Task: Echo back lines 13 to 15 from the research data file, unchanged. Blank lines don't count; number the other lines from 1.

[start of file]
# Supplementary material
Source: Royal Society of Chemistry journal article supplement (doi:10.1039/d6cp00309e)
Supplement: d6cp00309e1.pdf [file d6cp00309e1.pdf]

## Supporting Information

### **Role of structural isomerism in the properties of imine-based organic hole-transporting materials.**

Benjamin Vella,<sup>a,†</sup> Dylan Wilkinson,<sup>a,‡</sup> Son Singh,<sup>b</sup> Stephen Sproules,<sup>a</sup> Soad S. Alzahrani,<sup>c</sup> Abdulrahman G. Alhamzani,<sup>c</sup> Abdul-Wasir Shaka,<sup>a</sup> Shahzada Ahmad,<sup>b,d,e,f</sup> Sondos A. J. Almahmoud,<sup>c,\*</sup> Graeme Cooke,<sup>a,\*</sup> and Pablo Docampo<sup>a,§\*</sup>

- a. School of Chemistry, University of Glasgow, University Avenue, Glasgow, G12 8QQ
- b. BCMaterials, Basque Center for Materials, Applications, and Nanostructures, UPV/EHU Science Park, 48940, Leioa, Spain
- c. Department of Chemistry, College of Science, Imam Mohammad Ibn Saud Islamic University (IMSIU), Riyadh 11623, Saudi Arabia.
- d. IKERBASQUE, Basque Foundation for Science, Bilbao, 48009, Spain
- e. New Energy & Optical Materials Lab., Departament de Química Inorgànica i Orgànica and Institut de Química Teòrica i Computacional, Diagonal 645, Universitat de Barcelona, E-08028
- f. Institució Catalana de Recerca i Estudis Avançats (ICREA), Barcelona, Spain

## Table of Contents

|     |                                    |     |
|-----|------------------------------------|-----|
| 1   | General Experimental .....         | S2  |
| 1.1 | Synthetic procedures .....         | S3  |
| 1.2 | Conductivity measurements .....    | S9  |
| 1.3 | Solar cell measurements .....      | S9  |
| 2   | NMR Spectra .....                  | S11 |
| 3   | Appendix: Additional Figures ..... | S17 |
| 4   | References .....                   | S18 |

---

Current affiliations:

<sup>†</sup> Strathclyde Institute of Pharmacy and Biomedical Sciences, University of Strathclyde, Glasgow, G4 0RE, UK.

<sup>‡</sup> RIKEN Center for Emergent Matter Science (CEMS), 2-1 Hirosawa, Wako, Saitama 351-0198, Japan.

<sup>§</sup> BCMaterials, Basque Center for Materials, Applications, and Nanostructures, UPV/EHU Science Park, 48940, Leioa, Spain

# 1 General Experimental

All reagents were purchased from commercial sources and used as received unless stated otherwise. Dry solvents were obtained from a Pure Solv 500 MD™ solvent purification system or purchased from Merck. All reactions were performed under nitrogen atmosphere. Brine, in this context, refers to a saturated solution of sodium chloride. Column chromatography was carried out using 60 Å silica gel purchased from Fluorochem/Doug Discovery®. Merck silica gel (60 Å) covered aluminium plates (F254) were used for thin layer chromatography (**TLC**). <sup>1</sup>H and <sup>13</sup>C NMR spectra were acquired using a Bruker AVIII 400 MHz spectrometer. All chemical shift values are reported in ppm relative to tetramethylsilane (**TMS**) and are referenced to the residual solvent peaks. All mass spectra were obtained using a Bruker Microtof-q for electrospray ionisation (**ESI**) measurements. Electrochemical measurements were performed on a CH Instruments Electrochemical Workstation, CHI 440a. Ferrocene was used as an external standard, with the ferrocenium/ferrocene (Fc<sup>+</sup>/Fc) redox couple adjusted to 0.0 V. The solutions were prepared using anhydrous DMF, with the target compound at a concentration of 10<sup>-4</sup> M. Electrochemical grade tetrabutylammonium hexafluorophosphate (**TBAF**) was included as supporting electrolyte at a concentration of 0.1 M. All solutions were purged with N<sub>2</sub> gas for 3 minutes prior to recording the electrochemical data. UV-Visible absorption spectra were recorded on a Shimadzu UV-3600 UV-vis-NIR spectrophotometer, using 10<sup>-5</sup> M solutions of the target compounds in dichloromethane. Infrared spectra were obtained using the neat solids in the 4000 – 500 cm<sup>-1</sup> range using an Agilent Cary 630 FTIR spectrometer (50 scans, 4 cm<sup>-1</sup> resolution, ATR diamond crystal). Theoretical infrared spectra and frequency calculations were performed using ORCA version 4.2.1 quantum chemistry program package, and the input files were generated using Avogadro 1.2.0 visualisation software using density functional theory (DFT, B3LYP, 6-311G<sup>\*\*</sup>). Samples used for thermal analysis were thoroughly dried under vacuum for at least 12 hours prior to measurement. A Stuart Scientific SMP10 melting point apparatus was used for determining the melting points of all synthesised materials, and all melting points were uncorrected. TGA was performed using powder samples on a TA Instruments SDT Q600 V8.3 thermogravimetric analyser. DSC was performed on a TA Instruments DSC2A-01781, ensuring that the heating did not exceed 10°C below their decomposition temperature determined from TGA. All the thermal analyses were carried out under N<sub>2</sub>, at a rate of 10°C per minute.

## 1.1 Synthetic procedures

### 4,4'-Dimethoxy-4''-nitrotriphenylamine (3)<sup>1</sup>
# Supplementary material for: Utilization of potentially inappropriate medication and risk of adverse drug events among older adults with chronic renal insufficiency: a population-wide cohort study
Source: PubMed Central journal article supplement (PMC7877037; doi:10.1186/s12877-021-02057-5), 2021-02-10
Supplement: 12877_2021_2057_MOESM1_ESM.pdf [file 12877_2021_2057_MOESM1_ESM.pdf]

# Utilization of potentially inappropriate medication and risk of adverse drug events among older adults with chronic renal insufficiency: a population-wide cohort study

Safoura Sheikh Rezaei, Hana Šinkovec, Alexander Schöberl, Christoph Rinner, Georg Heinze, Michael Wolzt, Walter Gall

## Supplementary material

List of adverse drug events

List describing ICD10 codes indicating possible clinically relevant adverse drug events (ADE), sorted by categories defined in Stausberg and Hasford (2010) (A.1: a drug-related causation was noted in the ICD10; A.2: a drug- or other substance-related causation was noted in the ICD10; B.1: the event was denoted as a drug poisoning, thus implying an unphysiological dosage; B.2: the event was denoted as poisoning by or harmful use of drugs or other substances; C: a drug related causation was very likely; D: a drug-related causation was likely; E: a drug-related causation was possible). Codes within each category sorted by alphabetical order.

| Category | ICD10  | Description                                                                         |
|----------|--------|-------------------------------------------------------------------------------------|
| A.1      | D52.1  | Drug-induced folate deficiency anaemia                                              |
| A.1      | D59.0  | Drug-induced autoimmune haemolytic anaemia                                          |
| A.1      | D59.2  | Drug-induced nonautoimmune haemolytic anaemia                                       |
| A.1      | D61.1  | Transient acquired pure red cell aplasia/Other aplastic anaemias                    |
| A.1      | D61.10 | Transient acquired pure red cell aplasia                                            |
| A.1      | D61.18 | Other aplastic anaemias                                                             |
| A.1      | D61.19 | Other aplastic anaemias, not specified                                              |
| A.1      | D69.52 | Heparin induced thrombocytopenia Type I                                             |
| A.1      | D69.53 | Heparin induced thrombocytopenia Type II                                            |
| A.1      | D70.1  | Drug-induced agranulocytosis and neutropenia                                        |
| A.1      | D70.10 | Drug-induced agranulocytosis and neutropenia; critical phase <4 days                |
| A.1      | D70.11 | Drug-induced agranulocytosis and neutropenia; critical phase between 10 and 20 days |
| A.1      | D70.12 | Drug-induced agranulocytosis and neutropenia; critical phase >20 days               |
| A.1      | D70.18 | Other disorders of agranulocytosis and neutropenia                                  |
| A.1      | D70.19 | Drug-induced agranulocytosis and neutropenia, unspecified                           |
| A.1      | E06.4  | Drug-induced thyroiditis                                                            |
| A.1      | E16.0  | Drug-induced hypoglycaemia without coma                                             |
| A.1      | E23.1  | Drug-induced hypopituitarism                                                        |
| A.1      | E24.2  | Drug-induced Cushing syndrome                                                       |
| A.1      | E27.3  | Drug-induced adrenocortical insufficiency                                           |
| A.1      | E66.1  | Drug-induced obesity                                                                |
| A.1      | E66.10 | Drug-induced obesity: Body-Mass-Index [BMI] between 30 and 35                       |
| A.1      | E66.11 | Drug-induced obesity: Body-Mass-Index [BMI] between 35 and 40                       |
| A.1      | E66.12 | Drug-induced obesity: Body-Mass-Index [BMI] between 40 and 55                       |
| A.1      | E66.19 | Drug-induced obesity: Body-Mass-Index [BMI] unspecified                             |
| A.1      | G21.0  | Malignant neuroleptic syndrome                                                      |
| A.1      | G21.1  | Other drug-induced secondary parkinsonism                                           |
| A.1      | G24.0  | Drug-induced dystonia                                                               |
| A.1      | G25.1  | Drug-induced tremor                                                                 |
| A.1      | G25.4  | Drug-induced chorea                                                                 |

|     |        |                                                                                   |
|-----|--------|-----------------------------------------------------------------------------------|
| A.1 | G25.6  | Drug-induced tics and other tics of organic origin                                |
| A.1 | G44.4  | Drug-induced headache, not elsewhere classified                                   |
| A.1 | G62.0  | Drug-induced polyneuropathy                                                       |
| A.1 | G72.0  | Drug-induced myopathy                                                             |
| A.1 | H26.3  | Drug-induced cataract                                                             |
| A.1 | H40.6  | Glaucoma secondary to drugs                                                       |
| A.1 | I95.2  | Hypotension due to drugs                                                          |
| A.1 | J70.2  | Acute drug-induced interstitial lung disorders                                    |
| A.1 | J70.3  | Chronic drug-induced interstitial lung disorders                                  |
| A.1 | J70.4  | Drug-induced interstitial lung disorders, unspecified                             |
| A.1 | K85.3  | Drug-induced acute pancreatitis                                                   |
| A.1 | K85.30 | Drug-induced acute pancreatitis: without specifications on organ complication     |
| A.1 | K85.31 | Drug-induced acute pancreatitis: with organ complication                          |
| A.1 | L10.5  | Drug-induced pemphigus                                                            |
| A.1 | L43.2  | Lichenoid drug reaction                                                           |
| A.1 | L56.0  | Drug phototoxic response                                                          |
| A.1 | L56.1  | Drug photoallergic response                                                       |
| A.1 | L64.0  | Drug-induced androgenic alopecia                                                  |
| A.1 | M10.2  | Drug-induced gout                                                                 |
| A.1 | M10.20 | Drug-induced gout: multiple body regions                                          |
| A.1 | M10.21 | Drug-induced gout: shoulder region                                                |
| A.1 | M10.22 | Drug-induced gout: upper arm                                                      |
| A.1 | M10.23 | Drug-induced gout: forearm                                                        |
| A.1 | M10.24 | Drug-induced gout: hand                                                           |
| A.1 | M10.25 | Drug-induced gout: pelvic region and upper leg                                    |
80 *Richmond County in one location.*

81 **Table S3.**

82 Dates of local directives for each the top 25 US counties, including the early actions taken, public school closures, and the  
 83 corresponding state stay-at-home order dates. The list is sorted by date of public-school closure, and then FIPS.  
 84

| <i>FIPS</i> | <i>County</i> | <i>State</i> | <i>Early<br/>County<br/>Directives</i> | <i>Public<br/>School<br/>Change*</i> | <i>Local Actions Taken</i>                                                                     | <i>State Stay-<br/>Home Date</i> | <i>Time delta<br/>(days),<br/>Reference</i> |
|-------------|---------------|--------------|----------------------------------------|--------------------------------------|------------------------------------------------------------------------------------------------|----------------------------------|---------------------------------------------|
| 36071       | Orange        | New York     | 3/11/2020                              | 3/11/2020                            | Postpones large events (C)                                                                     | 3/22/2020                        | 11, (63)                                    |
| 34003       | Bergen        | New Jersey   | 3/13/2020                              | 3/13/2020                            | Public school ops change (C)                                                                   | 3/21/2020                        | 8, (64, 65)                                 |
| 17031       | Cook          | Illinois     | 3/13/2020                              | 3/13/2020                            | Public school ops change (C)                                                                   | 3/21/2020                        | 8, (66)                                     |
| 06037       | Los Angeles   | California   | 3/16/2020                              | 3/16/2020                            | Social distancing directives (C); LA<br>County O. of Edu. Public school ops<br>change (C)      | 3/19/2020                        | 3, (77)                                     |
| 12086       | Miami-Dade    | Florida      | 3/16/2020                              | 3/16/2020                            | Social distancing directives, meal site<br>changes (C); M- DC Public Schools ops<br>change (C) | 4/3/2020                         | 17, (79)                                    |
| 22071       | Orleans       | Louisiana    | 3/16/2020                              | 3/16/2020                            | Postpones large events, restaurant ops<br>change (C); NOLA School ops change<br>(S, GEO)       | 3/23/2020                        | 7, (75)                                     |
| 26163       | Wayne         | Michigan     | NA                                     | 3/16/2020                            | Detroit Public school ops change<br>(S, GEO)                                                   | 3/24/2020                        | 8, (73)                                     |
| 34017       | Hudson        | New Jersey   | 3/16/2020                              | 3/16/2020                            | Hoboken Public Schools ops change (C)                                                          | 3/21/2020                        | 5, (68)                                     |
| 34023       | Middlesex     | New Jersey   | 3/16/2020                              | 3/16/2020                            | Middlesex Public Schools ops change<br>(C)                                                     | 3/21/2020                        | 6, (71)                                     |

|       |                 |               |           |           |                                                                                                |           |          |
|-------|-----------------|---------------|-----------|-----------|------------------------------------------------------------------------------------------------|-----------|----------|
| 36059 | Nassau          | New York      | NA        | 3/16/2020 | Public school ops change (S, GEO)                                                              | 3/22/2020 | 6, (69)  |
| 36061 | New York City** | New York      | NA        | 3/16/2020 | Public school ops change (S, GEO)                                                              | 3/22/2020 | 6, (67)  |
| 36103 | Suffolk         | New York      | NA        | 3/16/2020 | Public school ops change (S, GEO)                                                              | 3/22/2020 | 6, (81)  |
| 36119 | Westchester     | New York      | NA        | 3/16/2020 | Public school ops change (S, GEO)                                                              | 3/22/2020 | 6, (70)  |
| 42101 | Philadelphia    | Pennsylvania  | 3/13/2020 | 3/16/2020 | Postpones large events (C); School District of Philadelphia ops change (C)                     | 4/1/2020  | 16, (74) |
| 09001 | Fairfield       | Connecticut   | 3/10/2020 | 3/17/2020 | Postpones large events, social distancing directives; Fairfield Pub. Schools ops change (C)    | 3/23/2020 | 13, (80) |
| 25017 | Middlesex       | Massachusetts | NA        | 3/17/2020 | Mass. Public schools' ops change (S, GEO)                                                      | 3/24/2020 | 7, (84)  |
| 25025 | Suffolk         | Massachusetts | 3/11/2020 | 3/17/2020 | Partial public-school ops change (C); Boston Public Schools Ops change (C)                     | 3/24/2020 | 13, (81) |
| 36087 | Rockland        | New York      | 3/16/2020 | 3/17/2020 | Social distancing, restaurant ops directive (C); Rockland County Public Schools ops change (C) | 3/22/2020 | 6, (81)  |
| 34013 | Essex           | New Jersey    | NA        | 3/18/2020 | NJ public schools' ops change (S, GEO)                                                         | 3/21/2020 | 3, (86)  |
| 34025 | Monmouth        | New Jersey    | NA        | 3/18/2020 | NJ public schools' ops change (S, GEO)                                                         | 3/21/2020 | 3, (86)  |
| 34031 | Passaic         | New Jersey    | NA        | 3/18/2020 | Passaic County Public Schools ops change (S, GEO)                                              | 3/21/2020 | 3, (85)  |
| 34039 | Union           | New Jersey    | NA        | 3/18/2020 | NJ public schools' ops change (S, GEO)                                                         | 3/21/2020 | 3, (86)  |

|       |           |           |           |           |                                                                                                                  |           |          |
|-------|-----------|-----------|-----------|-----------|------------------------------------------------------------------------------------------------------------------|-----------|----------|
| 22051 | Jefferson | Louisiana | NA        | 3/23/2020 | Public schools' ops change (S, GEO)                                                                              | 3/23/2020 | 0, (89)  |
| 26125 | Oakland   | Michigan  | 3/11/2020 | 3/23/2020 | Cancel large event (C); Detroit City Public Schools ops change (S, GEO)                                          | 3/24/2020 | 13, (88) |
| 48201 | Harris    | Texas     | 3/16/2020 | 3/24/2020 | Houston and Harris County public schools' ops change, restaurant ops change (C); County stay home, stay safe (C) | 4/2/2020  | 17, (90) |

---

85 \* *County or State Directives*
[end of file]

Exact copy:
## Table of Contents

|     |                                    |     |
|-----|------------------------------------|-----|